In our view it is the responsibility of government to provide equality of opportunity with a fair and comprehensive support system for those who are most vulnerable. After that it is up to individuals in the community to accept personal responsibility for their lives and their destiny.
There’s no suggestion in Hockey’s remarks that there’s anything unfair about some children getting their education at elite private schools where they build social and cultural capital while others make do with a public system wealthy parents seem to regard as unacceptable. For many of those on the right, expecting government to equalise educational opportunity is a kind of envy-driven class warfare designed to prevent children from successful families from reaching their potential. To them it looks like hatred of achievement and excellence.
For Hockey, the problem isn’t just about what government should do, it’s also about what it can do. In his recent speech to the Sydney Institute he said that while governments can try to make sure everyone arrives at the starting line with a similar opportunity to succeed, they "are increasingly compromised in their ability to achieve equality of opportunity." According to Hockey, more taxing and spending may end up slowing the economy, blowing out the deficit and making everyone worse off. The Whitlam government doesn’t have a great reputation on fiscal policy.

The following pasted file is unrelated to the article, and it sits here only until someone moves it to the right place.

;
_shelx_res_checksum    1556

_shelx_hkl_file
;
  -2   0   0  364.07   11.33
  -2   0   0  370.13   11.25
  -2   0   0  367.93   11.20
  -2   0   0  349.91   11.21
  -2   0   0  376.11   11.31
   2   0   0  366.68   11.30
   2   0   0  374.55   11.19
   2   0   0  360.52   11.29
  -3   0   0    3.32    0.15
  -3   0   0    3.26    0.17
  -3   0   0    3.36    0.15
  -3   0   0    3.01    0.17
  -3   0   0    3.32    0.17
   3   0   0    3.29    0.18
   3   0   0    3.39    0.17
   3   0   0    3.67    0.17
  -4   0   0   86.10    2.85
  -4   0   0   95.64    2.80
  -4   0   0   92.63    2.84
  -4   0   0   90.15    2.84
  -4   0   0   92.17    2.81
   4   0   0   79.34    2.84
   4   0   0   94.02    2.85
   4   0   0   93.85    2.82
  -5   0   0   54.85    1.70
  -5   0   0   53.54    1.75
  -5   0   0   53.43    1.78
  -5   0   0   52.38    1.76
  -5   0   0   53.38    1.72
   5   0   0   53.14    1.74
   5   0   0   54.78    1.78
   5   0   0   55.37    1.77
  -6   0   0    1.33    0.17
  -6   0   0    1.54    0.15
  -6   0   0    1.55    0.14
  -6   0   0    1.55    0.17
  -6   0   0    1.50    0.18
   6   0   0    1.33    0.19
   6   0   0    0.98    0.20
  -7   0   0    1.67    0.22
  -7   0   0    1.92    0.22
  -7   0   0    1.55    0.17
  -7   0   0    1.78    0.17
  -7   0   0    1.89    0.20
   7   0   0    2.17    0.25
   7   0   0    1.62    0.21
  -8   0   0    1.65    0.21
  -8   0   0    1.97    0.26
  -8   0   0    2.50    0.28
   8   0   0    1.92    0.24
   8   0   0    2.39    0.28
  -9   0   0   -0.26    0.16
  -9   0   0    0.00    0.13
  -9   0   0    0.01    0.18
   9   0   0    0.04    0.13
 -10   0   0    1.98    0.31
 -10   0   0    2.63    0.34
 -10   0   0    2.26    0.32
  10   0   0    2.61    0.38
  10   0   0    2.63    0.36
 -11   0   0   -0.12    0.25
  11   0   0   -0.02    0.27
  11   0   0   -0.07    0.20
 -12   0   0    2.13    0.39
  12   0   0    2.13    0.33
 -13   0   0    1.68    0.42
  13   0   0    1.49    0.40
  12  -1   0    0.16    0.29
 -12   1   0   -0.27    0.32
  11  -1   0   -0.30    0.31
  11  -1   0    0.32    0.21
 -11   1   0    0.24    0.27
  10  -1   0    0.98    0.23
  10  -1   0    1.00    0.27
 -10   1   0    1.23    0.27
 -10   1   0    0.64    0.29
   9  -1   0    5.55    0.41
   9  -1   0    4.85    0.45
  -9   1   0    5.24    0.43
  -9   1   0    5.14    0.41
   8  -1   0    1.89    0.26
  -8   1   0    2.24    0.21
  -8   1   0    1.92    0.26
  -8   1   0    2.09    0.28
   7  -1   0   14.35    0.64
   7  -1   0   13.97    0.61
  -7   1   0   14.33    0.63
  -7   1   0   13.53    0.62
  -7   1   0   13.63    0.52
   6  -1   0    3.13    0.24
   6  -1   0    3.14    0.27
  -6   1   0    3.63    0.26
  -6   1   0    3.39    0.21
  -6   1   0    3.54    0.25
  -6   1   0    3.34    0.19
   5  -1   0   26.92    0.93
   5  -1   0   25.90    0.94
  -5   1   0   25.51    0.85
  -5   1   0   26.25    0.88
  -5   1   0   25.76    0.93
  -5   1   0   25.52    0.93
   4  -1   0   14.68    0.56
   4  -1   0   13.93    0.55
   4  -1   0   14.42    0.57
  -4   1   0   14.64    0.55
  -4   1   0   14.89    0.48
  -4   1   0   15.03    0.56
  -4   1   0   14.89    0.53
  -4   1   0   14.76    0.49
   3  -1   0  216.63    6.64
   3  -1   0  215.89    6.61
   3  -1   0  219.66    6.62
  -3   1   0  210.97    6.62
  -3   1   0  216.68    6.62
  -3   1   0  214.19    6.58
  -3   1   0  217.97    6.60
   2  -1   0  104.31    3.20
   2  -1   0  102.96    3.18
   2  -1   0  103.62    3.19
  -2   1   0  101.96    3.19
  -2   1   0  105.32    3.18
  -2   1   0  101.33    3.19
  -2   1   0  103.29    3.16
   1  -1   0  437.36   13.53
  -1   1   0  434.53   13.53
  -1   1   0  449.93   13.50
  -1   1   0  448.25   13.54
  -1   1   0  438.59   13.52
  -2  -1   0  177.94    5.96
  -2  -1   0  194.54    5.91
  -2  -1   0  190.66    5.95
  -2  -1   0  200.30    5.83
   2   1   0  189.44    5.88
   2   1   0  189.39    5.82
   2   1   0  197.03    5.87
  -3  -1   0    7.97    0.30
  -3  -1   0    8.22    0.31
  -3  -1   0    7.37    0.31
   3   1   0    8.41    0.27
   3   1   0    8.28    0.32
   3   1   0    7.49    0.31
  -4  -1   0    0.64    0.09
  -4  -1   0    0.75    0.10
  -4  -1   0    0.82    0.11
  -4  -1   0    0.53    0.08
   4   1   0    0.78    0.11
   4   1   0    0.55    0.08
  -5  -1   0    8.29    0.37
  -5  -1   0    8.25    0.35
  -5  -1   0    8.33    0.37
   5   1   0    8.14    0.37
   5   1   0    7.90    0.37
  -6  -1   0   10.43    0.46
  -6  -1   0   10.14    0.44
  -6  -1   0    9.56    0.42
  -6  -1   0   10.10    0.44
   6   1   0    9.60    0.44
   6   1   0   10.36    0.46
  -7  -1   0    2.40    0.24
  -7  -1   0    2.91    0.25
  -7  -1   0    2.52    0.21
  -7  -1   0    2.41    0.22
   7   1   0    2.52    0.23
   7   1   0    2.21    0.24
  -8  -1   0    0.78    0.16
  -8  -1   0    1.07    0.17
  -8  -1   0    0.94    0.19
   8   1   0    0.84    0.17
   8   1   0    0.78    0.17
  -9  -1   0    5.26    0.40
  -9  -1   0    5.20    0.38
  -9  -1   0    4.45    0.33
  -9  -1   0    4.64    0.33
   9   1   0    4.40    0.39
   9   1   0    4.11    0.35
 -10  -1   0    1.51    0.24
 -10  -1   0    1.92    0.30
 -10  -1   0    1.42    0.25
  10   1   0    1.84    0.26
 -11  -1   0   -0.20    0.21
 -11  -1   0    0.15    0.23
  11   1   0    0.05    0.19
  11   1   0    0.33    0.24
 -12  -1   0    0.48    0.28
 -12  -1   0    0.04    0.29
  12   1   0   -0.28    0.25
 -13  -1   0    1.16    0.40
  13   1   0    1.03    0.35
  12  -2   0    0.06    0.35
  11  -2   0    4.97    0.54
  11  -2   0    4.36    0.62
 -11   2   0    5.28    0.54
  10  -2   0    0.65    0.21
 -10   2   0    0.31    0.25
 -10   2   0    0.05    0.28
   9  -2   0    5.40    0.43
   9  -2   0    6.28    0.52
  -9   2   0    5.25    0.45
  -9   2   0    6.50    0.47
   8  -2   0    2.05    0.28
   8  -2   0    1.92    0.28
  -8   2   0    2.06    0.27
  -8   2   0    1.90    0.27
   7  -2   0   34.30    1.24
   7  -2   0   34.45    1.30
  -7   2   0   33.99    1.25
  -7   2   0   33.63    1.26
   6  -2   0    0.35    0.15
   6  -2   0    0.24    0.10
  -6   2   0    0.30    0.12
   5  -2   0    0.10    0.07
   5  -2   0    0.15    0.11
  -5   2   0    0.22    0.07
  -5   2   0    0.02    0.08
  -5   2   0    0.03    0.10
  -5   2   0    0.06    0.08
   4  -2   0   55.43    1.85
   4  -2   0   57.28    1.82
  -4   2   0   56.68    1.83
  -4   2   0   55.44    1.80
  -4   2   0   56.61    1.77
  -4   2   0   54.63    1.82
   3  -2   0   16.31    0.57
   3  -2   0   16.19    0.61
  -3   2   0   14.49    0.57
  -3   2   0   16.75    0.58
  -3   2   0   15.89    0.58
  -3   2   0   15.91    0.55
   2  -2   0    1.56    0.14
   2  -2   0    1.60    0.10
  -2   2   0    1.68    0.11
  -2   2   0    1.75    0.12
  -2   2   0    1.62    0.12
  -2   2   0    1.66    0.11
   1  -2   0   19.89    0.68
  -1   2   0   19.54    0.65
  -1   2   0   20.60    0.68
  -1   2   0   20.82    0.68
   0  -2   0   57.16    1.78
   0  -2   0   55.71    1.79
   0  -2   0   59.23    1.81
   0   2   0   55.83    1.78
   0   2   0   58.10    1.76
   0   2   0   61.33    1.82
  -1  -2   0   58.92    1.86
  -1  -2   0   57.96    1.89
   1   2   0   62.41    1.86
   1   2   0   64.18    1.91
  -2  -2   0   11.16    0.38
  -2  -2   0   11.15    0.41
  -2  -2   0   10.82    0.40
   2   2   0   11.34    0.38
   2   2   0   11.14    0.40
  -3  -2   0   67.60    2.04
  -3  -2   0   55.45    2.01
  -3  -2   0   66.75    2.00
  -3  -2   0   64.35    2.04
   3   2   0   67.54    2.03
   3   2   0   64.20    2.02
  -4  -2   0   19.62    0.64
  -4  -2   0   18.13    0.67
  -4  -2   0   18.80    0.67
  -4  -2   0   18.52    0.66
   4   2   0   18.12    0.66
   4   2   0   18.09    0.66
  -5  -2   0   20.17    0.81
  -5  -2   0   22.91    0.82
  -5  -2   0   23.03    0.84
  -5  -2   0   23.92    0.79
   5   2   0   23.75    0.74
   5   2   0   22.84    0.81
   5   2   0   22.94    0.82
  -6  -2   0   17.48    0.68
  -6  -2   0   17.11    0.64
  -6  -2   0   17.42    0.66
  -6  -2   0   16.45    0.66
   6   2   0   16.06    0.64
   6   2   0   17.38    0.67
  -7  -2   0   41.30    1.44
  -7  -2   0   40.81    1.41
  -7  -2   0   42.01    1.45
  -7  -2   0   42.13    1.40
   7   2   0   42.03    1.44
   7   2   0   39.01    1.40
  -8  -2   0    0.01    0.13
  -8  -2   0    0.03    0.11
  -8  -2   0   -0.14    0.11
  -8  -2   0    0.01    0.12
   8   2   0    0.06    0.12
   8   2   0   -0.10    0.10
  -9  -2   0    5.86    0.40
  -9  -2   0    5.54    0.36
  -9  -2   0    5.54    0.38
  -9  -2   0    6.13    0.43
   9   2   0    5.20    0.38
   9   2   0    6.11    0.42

Hockey seems less concerned about how government might expand opportunity for lower and middle income families and more concerned about what individuals at the bottom need to do to take advantage of opportunities they already have. For example, he argues that the welfare system "is clearly not encouraging participation and personal responsibility."
Some conservatives argue that we should stop looking to government to solve the problem of inequality of opportunity. For example, instead of expecting government to take more responsibility for disadvantaged children, we should expect more responsibility from parents and communities. Conservatives argue that when government steps in to help, family and community step back. Government may end up eroding the ability and willingness of family and community to solve problems.
With attention increasingly focused on the behaviour of disadvantaged families and communities, government’s role is changing from enabler to enforcer. Income support payments have become more conditional and harder to access. Government demands that parents send children to school, that jobless young people take advantage of education and training opportunities and that single parents look for work.
Whitlam argued that pursuing equality of opportunity through universal health, education and other services would unite Australians. He accused his opponents of the politics of division. But today it’s Whitlam’s vision that is portrayed as divisive. Taxing the few to provide opportunity to the many is 1970s class warfare.